Publisher's Note: WHY ART? WHY NOT? 2009

Louis Visentin

This edition of Ecclectica is dedicated to the practice of art by the artists at Brandon University. There are many definitions of what constitutes art but let me be clear on this issue: art is NOT in the eye of the beholder. It has some definite characteristics and qualities.

Dennis Dutton has provided an illuminating definition of art in the form of a cluster-criteria, which in its entirety captures what the qualities of an artifact or performance should embody in order to be called art. It captures the usual items, such as sculpture, paintings and decorated objects like tools or the human body, texts, dances, music, composition, recitation of stories as well as fringe, avante garde or other newer entries. Needless to say, not every piece of art fulfills every criterion. The criteria are in brief:

1. Direct Pleasure
2. Skill and virtuosity
3. Style
4. Novelty and creativity
5. Criticism
6. Representation
7. Special focus
8. Expressive individuality
9. Emotional saturation
10. Intellectual challenge
11. Art traditions and institutions
12. Imaginative experience

Although they are not weighted there is an in depth discussion of each of Dutton’s criteria in "Art Instinct". For those of you who still believe art is in the eye of the beholder, give it a read. If you’re concerned whether the Monday Night football game or Sidney Crosby is an art form take a chance and inform yourself. At least you will make yourself understood at art openings or academic cocktail evenings. Do they still do that? Notwithstanding withstanding the two books I cite herein, read on through the Ecclectica 2009 edition on the Arts. What is here fits the core criteria and in most cases cover all 12.

Art is not schlock that is painted on velvet rugs nor is it ribald limericks uttered by some souse in a pub... and guess what? Art is not culturally specific. All cultures have art and humans who do art.

Art is important for cultures and for individuals within those cultures. It is what makes life worth living and it will define the future. Given the state of the world right now those are great questions. For those of you that haven’t noticed we have been passing through an economic upheaval that some have characterized as the end of the information age, one dominated by lawyers, accountants, computer programmers and a whole myriad of other "left brainers" into one called the "conceptual age" where the new MBA will be the MFA, where the future will be the dominion of "right brainers" who see the world as a work of art. They recognize the importance of design, narrative, synthesis, empathy and humor as a way of conveying meaning and a sense of value to this new homogenized world of abundance, wealth and conformity.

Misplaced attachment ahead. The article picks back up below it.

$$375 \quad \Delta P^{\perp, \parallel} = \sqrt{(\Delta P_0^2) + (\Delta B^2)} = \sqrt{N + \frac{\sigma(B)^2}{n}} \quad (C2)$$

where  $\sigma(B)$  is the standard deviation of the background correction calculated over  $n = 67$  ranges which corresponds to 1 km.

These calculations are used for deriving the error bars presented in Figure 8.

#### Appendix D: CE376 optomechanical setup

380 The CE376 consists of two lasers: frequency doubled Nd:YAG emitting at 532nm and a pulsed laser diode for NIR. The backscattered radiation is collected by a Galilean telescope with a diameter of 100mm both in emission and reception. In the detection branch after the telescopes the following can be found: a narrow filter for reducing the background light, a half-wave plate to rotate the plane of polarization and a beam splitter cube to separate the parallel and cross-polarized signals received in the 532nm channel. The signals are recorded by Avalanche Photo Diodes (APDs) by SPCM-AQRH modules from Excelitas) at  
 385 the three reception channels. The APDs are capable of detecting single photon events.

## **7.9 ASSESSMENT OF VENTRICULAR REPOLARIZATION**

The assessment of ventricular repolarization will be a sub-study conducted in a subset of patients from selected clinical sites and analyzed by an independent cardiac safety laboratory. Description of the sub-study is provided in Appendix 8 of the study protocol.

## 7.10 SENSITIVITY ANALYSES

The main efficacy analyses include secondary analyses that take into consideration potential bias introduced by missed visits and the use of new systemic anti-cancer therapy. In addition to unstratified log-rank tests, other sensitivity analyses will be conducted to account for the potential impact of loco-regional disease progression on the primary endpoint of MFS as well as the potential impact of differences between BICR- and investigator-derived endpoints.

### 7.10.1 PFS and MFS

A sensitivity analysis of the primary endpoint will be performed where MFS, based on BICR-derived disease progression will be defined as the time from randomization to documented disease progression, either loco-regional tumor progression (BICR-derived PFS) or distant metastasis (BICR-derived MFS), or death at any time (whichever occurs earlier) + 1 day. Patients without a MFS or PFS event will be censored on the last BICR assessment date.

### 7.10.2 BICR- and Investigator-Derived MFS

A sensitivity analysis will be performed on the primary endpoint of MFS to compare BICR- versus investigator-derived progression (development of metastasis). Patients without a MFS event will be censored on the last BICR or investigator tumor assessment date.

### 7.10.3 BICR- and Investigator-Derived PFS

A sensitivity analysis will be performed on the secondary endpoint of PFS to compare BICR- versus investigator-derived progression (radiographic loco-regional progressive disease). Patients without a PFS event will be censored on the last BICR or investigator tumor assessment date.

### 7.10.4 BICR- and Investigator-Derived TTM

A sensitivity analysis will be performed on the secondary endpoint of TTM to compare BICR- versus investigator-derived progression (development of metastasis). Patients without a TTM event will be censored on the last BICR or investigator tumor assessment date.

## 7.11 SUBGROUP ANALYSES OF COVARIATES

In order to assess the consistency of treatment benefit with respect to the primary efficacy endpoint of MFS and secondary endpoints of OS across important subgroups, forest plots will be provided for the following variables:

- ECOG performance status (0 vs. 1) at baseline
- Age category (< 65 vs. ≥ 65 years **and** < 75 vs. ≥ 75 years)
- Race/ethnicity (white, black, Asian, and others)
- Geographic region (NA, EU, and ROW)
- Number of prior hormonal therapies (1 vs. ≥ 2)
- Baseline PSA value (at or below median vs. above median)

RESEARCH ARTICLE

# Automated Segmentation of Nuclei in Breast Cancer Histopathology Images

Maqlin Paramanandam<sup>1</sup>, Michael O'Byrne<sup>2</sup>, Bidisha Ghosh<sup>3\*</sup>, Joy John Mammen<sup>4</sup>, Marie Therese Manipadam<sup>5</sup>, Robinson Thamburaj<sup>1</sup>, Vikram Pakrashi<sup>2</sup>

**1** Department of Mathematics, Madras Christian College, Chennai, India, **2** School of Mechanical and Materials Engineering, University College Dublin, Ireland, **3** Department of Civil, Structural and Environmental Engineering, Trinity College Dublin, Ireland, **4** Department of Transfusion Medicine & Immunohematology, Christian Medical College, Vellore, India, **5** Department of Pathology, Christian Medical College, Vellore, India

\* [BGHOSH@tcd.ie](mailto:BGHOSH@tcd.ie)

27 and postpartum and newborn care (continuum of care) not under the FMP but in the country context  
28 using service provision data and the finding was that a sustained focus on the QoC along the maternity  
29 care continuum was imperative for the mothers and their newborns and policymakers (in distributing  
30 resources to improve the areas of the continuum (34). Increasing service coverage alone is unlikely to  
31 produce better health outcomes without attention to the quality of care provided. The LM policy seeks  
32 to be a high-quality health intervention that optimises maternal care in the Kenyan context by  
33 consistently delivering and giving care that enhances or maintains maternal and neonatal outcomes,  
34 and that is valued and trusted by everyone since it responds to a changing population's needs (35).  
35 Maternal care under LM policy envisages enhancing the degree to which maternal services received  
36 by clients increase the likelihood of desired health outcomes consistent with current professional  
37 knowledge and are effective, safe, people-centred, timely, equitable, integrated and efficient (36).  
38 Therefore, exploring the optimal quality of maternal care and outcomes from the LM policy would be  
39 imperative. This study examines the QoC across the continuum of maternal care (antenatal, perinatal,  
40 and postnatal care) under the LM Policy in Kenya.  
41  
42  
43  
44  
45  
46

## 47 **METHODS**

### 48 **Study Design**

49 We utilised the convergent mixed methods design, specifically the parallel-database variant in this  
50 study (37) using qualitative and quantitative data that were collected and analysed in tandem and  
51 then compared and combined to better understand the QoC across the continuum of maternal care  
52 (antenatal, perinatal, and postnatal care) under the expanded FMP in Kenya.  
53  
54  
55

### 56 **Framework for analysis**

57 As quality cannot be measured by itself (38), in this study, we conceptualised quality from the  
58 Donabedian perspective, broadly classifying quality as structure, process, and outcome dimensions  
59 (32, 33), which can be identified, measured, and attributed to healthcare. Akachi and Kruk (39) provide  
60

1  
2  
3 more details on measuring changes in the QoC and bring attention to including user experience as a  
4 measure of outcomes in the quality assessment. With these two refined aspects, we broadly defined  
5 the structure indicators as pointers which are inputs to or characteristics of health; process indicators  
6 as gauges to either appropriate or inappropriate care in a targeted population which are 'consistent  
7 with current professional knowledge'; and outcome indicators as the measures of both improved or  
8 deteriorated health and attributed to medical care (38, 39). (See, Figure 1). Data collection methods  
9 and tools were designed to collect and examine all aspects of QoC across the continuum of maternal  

We will live through this shock of job losses, diminished markets and uncertainty into a world seeking difference and quality amid a culture of sharing. It will be a world where aesthetics are at the heart of making choices and ART is the sine qua non of production. In short, ART will matter, to materials, to homes to cities and life in general. So goes the argument in Daviel Pink’s widely praised book, "A Whole New Mind: Moving from the Information Age to the Conceptual Age", Riverhead, 2005. I quote it here because it is something I have believed for the last 30 years.

Art not only matters, we can’t live without it. It is in fact what makes us human. Modern humans are seen to have four core capabilities which distinguish us from other primates: abstract thinking in which we generate ideas and concepts; the ability to plan into the future; the ability to innovate or add value to products or processes; and the ability to engage in symbolic acts, i.e. to conceive and create art and artifact. How this occurred at the level of the brain is uncertain. Humans and chimpanzee genomes are 98.2 % alike yet there is a considerable difference in the mental and linguistic capabilities between the two species. Indeed, a form of neuropsin, a protein that plays a role in learning and memory, is expressed only in the central nervous systems of humans and it originated less than 5 million years ago. On the other hand there also appears to be a "time of awareness" or "art consciousness" that occurred sometime about 50,000 years ago when humans began to do art in caves, either as a ritual practice or story telling. Dennis Dutton captures the relevance of art and art criticism in his latest book "The Art Instinct". He voyages into the realm of anthropology and genetics arguing cogently that artistic creation, appreciation and apprehension are imbedded in our genome and are far more innate and biological than a minor adaptation. It takes no genius to surmise that sense, sensitivity and sensibility would be a valuable evolutionary advantage in mate selection. Visualization, imagination and symbolic manipulation make humans that posses such traits powerful survivors. Seeing the future consequence of actions taken is what survival is all about. Needless to say, a read of Dutton’s "Art Instinct" and it companion "A Whole New Mind" is relevant, current and should RESONATE with all the contributors to this issue of Ecclectica. Here is to ART in all it’s forms at Brandon University!!!!!! It is more than evolution here. It is excellent and alive.

I’d like to thank Kristen Fisher for her work in assembling the edition, coordinating the design, the pros and the design of the final structure. She has become a multimedia artist by doing so. Finally, she kept us on time and ensured the quality of all the submissions. We couldn’t have done this without her!

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ISSN 1708-721X